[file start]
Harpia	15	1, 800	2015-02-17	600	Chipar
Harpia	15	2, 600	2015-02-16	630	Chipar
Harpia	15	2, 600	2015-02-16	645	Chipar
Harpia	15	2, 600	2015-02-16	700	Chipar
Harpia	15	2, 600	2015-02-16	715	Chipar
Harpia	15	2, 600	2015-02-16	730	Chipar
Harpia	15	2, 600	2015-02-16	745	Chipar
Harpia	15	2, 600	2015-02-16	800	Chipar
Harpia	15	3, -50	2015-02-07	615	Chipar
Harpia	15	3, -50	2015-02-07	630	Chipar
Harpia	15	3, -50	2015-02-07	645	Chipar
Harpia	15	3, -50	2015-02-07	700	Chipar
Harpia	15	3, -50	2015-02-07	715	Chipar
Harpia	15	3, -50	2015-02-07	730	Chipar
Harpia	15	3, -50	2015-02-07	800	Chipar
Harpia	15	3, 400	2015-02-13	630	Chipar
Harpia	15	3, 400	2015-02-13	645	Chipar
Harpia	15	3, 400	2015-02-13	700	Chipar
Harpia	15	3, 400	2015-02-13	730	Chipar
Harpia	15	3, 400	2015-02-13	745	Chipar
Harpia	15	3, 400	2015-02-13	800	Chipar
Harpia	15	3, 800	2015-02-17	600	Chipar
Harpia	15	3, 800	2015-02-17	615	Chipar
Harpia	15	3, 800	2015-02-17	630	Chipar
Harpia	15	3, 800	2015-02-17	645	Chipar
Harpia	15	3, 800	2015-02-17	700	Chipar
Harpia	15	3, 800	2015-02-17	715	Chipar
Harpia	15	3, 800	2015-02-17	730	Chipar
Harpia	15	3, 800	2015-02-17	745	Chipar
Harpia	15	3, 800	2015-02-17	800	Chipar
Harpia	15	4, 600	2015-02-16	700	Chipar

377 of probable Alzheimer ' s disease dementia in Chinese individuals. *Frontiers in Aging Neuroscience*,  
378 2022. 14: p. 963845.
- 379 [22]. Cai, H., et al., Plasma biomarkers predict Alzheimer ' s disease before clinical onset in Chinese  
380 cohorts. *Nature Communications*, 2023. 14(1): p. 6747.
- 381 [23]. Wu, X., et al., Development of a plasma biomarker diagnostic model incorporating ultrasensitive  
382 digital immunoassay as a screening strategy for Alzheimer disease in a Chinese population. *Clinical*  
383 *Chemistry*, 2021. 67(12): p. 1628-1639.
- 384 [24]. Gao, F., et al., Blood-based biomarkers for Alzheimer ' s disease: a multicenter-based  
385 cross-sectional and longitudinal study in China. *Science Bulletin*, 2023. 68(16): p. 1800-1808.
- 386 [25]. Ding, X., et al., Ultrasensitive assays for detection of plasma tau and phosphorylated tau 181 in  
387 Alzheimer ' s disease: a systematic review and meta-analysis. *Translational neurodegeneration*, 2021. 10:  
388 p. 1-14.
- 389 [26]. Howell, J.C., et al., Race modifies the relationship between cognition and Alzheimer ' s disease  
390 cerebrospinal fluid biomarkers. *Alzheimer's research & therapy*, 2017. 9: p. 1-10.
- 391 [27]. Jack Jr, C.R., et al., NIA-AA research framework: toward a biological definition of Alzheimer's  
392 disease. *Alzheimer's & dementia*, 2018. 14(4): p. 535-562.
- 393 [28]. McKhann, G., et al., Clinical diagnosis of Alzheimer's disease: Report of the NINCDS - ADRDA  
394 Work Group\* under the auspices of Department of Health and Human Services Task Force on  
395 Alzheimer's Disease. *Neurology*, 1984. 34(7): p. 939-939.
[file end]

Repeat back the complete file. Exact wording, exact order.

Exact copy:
Harpia	15	1, 800	2015-02-17	600	Chipar
Harpia	15	2, 600	2015-02-16	630	Chipar
Harpia	15	2, 600	2015-02-16	645	Chipar
Harpia	15	2, 600	2015-02-16	700	Chipar
Harpia	15	2, 600	2015-02-16	715	Chipar
Harpia	15	2, 600	2015-02-16	730	Chipar
Harpia	15	2, 600	2015-02-16	745	Chipar
Harpia	15	2, 600	2015-02-16	800	Chipar
Harpia	15	3, -50	2015-02-07	615	Chipar
Harpia	15	3, -50	2015-02-07	630	Chipar
Harpia	15	3, -50	2015-02-07	645	Chipar
Harpia	15	3, -50	2015-02-07	700	Chipar
Harpia	15	3, -50	2015-02-07	715	Chipar
Harpia	15	3, -50	2015-02-07	730	Chipar
Harpia	15	3, -50	2015-02-07	800	Chipar
Harpia	15	3, 400	2015-02-13	630	Chipar
Harpia	15	3, 400	2015-02-13	645	Chipar
Harpia	15	3, 400	2015-02-13	700	Chipar
Harpia	15	3, 400	2015-02-13	730	Chipar
Harpia	15	3, 400	2015-02-13	745	Chipar
Harpia	15	3, 400	2015-02-13	800	Chipar
Harpia	15	3, 800	2015-02-17	600	Chipar
Harpia	15	3, 800	2015-02-17	615	Chipar
Harpia	15	3, 800	2015-02-17	630	Chipar
Harpia	15	3, 800	2015-02-17	645	Chipar
Harpia	15	3, 800	2015-02-17	700	Chipar
Harpia	15	3, 800	2015-02-17	715	Chipar
Harpia	15	3, 800	2015-02-17	730	Chipar
Harpia	15	3, 800	2015-02-17	745	Chipar
Harpia	15	3, 800	2015-02-17	800	Chipar
Harpia	15	4, 600	2015-02-16	700	Chipar

377 of probable Alzheimer ' s disease dementia in Chinese individuals. *Frontiers in Aging Neuroscience*,  
378 2022. 14: p. 963845.
- 379 [22]. Cai, H., et al., Plasma biomarkers predict Alzheimer ' s disease before clinical onset in Chinese  
380 cohorts. *Nature Communications*, 2023. 14(1): p. 6747.
- 381 [23]. Wu, X., et al., Development of a plasma biomarker diagnostic model incorporating ultrasensitive  
382 digital immunoassay as a screening strategy for Alzheimer disease in a Chinese population. *Clinical*  
383 *Chemistry*, 2021. 67(12): p. 1628-1639.
- 384 [24]. Gao, F., et al., Blood-based biomarkers for Alzheimer ' s disease: a multicenter-based  
385 cross-sectional and longitudinal study in China. *Science Bulletin*, 2023. 68(16): p. 1800-1808.
- 386 [25]. Ding, X., et al., Ultrasensitive assays for detection of plasma tau and phosphorylated tau 181 in  
387 Alzheimer ' s disease: a systematic review and meta-analysis. *Translational neurodegeneration*, 2021. 10:  
388 p. 1-14.
- 389 [26]. Howell, J.C., et al., Race modifies the relationship between cognition and Alzheimer ' s disease  
390 cerebrospinal fluid biomarkers. *Alzheimer's research & therapy*, 2017. 9: p. 1-10.
- 391 [27]. Jack Jr, C.R., et al., NIA-AA research framework: toward a biological definition of Alzheimer's  
392 disease. *Alzheimer's & dementia*, 2018. 14(4): p. 535-562.
- 393 [28]. McKhann, G., et al., Clinical diagnosis of Alzheimer's disease: Report of the NINCDS - ADRDA  
394 Work Group\* under the auspices of Department of Health and Human Services Task Force on  
395 Alzheimer's Disease. *Neurology*, 1984. 34(7): p. 939-939.